The current design, expected to be finalized this month, includes the demolition of all existing structures except for two concrete art deco shelters. Cummings said. Crews will restore the original sand beach and build a fishing pier, as well as four sand volleyball courts and a children’s play area. Plans also call for a large grassy staging area and a two-story multi purpose building that will be used for concessions and event rentals.
Officials plan to resurface city-owned property across from the beach on Hayne Boulevard for parking. A portion of the land may also be converted to an RV park, Cummings said.
Art in motion
Sculptor John Scott is framed by a model of a shadow sculpture scheduled for Lincoln Beach. “I felt like Lincoln Beach had so much history. . . a history that should not be plowed under,” he said.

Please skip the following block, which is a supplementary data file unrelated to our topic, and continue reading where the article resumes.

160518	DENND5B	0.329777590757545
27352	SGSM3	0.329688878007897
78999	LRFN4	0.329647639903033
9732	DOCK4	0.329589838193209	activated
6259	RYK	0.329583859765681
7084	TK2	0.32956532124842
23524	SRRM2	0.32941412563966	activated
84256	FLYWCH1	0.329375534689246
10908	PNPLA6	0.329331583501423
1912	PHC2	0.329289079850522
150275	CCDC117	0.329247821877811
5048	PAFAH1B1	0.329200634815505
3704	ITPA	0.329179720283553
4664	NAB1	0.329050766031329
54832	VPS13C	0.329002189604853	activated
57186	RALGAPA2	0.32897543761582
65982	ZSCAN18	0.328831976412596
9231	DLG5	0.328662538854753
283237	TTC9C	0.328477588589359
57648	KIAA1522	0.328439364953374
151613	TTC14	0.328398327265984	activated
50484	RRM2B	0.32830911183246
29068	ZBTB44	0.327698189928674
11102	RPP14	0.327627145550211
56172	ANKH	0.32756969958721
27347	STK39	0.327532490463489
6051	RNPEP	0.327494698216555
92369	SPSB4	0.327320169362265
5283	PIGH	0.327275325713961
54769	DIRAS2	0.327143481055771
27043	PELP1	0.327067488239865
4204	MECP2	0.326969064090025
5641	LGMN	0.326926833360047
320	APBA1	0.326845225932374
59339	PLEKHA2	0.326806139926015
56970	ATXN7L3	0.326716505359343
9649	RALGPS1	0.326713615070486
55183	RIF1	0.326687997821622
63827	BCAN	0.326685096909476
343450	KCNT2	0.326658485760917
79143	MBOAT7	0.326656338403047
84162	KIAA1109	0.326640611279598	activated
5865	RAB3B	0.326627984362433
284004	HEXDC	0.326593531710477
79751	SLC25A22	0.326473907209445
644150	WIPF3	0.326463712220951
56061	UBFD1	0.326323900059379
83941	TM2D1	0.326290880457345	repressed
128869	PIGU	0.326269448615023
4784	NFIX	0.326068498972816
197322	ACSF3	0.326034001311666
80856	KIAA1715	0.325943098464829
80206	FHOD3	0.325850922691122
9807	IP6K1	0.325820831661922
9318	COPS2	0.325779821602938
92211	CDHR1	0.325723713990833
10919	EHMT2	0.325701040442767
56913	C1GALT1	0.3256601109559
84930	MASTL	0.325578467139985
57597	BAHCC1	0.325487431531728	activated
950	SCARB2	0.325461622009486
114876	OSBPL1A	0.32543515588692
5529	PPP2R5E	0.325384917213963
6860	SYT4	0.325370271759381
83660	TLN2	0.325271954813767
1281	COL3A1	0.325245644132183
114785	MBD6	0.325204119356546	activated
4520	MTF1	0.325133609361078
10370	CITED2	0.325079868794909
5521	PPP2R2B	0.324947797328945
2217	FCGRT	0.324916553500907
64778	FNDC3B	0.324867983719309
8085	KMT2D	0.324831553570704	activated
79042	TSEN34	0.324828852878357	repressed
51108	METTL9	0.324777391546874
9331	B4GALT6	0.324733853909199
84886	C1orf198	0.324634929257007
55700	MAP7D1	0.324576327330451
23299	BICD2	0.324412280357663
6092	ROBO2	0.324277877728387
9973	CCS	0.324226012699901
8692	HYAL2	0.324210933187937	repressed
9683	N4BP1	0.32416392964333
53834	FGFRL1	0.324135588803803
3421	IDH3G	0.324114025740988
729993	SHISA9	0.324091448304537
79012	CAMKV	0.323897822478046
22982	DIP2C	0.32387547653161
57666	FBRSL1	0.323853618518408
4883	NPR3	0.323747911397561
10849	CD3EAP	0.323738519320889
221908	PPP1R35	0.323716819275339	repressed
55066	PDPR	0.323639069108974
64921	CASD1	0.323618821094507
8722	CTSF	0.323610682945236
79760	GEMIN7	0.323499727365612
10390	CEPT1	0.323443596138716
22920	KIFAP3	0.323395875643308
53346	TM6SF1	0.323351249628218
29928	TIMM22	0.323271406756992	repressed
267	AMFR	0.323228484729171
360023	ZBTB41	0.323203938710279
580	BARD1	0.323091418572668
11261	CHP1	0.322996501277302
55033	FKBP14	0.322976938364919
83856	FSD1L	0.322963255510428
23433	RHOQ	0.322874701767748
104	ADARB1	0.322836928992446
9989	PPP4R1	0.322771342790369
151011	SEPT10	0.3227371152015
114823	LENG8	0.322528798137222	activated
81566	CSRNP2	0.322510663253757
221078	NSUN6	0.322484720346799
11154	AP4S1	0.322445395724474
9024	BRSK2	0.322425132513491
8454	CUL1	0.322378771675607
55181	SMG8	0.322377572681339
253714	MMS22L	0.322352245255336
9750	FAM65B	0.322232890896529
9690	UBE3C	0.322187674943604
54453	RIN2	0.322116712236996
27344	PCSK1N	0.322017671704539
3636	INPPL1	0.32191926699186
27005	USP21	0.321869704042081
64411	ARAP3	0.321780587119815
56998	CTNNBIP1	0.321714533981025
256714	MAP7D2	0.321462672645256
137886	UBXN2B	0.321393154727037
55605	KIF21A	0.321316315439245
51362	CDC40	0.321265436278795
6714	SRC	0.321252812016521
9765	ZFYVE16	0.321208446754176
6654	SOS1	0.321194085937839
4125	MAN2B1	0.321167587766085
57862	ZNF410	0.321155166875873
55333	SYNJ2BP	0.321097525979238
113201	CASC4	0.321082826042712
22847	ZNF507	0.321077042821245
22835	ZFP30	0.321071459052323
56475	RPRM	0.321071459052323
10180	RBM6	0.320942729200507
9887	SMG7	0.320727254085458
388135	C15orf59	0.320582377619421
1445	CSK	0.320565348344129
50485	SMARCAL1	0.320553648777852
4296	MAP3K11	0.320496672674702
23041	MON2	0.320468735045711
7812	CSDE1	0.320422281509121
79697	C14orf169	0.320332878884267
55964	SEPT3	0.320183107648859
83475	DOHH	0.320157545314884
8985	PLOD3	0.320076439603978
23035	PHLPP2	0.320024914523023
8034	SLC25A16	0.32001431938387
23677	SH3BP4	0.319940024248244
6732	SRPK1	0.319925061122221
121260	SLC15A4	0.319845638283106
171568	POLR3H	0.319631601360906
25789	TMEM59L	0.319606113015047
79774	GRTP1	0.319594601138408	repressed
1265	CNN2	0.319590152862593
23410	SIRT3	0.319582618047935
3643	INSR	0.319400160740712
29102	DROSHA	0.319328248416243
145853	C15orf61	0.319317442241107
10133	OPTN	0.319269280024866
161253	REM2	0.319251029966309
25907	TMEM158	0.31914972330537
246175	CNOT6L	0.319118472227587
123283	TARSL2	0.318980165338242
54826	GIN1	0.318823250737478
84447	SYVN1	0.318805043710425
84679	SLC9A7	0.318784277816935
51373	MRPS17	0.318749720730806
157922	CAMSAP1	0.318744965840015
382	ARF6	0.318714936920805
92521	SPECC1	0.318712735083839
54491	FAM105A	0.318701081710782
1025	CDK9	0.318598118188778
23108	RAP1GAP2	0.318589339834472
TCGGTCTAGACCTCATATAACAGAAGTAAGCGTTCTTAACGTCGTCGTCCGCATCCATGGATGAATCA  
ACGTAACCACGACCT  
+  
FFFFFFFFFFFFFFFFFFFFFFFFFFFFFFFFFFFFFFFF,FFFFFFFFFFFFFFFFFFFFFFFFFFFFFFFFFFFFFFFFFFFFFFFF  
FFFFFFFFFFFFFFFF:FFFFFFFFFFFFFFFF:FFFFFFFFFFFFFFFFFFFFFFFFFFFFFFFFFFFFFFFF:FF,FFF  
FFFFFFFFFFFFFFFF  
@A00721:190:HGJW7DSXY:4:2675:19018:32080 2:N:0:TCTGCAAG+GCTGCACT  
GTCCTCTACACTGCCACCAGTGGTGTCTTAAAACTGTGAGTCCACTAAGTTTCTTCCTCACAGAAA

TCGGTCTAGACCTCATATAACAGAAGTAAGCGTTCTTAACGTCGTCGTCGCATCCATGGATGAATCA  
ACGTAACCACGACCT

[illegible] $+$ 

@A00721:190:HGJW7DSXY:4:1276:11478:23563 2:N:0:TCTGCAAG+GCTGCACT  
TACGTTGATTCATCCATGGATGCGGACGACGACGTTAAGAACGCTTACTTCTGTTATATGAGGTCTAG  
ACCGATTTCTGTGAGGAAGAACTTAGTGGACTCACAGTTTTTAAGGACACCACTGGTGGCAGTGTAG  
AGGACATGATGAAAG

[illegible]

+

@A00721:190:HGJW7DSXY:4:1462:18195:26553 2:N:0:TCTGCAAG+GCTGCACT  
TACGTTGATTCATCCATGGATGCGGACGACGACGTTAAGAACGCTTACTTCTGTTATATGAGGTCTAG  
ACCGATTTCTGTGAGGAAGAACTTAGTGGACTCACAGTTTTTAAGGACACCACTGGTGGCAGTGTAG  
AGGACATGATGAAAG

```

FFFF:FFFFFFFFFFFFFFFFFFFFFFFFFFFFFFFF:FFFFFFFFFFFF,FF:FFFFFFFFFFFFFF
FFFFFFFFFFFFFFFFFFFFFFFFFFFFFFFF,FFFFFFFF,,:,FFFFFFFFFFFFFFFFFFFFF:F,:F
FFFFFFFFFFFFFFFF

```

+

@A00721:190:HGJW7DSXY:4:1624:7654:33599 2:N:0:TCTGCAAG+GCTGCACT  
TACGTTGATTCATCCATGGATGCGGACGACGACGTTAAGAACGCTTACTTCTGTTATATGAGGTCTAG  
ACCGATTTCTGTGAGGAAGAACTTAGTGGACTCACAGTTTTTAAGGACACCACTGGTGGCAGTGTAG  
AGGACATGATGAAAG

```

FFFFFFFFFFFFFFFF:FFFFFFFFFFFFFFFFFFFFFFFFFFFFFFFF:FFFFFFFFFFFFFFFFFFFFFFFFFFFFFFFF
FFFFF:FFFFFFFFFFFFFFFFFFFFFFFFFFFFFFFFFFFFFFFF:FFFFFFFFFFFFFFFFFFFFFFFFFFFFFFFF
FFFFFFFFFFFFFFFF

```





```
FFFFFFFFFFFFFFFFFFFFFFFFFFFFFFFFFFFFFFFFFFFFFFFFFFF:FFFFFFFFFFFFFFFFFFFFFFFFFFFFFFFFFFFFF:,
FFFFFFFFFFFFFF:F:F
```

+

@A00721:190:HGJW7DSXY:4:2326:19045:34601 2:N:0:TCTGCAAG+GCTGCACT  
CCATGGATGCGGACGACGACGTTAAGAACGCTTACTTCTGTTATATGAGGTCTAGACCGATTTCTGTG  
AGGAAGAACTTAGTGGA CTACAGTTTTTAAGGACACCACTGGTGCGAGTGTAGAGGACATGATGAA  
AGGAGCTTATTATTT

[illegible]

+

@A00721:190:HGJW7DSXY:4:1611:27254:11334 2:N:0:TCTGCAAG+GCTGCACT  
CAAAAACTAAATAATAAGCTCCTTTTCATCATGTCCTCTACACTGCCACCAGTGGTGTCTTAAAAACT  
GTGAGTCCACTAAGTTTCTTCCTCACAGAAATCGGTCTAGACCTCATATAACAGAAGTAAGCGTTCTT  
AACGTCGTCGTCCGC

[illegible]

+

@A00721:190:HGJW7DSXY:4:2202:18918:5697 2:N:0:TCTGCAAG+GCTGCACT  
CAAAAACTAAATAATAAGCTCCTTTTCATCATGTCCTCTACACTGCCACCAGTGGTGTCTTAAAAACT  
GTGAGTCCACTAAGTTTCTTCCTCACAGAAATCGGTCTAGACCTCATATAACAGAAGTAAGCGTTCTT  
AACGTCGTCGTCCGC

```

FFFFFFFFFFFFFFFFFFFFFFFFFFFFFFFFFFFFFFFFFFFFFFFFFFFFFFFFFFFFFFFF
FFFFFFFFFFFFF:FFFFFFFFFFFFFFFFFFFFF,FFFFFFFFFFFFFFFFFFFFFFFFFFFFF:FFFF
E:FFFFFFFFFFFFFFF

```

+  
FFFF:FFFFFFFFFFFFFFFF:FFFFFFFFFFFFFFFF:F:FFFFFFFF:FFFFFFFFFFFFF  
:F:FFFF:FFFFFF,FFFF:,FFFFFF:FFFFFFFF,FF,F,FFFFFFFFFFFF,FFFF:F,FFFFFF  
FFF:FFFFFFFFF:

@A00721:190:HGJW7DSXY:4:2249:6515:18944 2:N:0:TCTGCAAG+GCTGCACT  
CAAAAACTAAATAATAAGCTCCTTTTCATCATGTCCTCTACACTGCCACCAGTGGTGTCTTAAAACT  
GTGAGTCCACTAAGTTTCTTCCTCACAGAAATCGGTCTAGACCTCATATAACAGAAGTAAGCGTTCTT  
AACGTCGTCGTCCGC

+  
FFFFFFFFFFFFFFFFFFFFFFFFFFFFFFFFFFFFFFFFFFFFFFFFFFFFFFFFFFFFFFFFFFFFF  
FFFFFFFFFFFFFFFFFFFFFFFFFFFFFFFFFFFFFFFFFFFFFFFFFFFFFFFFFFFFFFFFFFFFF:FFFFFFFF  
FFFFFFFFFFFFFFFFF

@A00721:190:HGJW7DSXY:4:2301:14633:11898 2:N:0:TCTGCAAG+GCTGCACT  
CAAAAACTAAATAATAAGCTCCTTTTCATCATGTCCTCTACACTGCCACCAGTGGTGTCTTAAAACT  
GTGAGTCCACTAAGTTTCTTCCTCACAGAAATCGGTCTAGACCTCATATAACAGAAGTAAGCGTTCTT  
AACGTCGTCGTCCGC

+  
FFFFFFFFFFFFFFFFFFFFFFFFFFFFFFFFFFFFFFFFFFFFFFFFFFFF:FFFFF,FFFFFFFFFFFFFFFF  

But the defining feature of the Lincoln Beach revitalization will be the art Scott is creating.
The focal point of Scott’s vision is a series of floating sculptures he calls an “aquatic second line.” The 5-foot metal figures of musicians and dancers will be cut in various colors of anodized aluminum, the same material used to create Mardi Gras doubloons. They will then be mounted on 34 buoys around the perimeter of the beach’s designated swimming area in Lake Pontchartrain to “dance” with the wind and wave action, resembling the real-life celebratory processions, he said.
“A lot of my work is kinetic. It moves,” Scott said. “I thought, ”Why not use the buoys to take it to another level?”… Take the wave motion of the water and use it to energize a sculptured statement.”
Scott has also designed a series of 12-foot-high bronze shelters he calls “shadow structures” to be placed along the main thoroughfare of the new park. The sculptures will be constructed of a large metal panel featuring cutouts of musicians and dancers, sitting atop four poles. When the sunlight shines through, the shelters will cast shadows of the figures on the concrete below.